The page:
My textbook introduces shorthand for "exists unique" qualifier $\exists !y [P(y)]$, where full version is: $$\exists y[P(y) \land \forall y'[P(y') \Rightarrow y' = y]]$$
What I can't get is why $\Rightarrow$, not $\Leftarrow \Rightarrow$ used? Saying $\Rightarrow$ means that $P(y')$ could be false, however $y' = y$ or $P(y')$ holds and yet $y' \not = y$. However, as far as I understand, having unique $y$ means that this and only this $y$ would satisfy statement $P$; hence, whenver statement is true, it must be $y$ and vice versa: whenever it is $y$, statement must be true.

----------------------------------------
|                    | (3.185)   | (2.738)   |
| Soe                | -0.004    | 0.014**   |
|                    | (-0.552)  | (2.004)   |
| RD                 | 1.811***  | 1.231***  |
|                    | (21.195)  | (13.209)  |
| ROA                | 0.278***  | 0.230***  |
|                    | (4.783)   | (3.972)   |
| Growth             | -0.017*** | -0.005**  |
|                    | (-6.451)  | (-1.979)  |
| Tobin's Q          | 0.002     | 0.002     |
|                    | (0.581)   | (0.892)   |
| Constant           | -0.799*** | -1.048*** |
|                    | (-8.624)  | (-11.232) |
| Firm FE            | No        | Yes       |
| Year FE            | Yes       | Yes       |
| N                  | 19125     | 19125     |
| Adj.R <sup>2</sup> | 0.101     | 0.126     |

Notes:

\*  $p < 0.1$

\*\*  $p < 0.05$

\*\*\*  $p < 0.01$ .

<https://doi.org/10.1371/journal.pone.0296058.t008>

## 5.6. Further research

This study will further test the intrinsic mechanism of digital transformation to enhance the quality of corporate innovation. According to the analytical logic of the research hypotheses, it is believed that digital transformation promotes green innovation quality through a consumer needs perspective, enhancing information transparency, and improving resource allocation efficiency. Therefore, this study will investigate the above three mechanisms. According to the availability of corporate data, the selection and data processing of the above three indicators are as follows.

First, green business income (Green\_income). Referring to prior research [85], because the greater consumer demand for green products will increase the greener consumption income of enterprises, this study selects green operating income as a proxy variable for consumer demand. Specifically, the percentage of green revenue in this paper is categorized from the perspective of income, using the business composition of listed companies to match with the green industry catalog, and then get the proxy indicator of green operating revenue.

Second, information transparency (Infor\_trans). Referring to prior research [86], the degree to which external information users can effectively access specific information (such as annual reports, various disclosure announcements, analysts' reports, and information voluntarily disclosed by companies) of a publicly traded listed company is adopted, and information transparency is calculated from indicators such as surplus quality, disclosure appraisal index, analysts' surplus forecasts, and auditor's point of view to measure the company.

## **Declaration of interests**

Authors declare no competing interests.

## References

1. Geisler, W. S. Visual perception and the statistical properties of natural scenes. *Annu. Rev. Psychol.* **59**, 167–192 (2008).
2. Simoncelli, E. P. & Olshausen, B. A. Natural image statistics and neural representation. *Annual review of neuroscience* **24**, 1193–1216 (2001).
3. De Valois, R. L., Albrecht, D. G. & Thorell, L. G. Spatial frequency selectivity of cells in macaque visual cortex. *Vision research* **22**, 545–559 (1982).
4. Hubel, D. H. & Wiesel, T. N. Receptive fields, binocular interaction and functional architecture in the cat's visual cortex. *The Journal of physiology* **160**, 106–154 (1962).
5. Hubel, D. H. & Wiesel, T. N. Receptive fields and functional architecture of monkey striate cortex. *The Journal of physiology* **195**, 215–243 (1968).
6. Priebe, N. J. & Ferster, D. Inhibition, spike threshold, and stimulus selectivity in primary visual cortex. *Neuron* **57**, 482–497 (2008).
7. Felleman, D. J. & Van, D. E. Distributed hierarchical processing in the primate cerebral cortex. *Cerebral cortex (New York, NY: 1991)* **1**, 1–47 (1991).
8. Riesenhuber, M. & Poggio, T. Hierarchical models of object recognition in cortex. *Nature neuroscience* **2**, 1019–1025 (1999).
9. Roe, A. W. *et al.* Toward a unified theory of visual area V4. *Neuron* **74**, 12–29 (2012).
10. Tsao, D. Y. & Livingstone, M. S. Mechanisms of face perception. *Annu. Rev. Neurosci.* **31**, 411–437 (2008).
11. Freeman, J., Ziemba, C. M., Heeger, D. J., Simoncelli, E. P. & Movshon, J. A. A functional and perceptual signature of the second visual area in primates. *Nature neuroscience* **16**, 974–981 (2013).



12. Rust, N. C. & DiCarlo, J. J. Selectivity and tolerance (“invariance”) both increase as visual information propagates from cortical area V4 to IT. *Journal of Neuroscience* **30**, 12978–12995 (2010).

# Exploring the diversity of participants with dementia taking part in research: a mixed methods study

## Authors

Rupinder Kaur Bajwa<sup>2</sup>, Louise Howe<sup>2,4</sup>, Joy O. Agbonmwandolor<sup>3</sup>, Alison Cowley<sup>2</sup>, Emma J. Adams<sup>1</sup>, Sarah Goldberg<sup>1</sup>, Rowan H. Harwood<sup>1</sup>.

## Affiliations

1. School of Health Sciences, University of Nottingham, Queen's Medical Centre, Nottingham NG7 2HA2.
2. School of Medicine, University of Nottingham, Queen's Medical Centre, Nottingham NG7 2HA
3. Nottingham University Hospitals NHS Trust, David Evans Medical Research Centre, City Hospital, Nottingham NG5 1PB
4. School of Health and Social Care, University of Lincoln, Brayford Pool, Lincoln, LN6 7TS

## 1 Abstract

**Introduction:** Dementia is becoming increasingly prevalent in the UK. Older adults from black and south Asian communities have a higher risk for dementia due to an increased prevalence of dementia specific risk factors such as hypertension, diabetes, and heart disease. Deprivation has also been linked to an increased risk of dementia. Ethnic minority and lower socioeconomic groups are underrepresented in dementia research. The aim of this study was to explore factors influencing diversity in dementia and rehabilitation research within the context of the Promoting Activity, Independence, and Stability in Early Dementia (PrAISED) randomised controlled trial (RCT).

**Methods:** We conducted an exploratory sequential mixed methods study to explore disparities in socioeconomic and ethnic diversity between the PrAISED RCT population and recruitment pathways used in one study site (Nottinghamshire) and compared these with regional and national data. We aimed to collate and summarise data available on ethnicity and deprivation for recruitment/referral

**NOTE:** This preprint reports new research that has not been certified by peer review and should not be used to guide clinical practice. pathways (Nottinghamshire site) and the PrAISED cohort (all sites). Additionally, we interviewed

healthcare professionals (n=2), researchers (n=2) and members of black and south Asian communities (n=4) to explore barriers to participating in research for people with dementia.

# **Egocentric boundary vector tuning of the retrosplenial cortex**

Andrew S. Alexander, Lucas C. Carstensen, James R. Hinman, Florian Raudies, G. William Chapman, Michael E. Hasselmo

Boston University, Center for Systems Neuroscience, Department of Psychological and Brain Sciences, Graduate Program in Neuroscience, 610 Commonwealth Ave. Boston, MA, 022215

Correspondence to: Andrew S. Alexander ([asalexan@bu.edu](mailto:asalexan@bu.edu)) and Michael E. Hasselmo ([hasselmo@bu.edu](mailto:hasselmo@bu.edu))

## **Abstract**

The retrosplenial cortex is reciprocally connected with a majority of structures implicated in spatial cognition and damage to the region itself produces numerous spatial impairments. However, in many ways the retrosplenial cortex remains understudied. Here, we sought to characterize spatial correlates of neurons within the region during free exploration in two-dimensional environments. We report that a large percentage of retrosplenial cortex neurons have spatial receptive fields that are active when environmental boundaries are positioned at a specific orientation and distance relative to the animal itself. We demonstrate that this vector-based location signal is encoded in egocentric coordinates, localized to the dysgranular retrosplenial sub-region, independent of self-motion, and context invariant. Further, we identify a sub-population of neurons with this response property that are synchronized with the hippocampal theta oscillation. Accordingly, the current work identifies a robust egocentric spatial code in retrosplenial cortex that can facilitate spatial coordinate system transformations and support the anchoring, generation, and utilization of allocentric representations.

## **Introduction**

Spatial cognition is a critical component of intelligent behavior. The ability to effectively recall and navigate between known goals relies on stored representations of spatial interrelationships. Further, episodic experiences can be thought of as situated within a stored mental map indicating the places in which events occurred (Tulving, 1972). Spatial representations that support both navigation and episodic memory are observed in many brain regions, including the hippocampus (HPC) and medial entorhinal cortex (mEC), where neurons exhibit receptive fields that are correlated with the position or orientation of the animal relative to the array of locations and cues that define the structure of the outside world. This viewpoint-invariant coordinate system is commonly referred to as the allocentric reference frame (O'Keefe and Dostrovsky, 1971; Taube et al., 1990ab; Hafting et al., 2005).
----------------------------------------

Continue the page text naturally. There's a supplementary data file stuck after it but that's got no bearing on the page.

Am I missing something?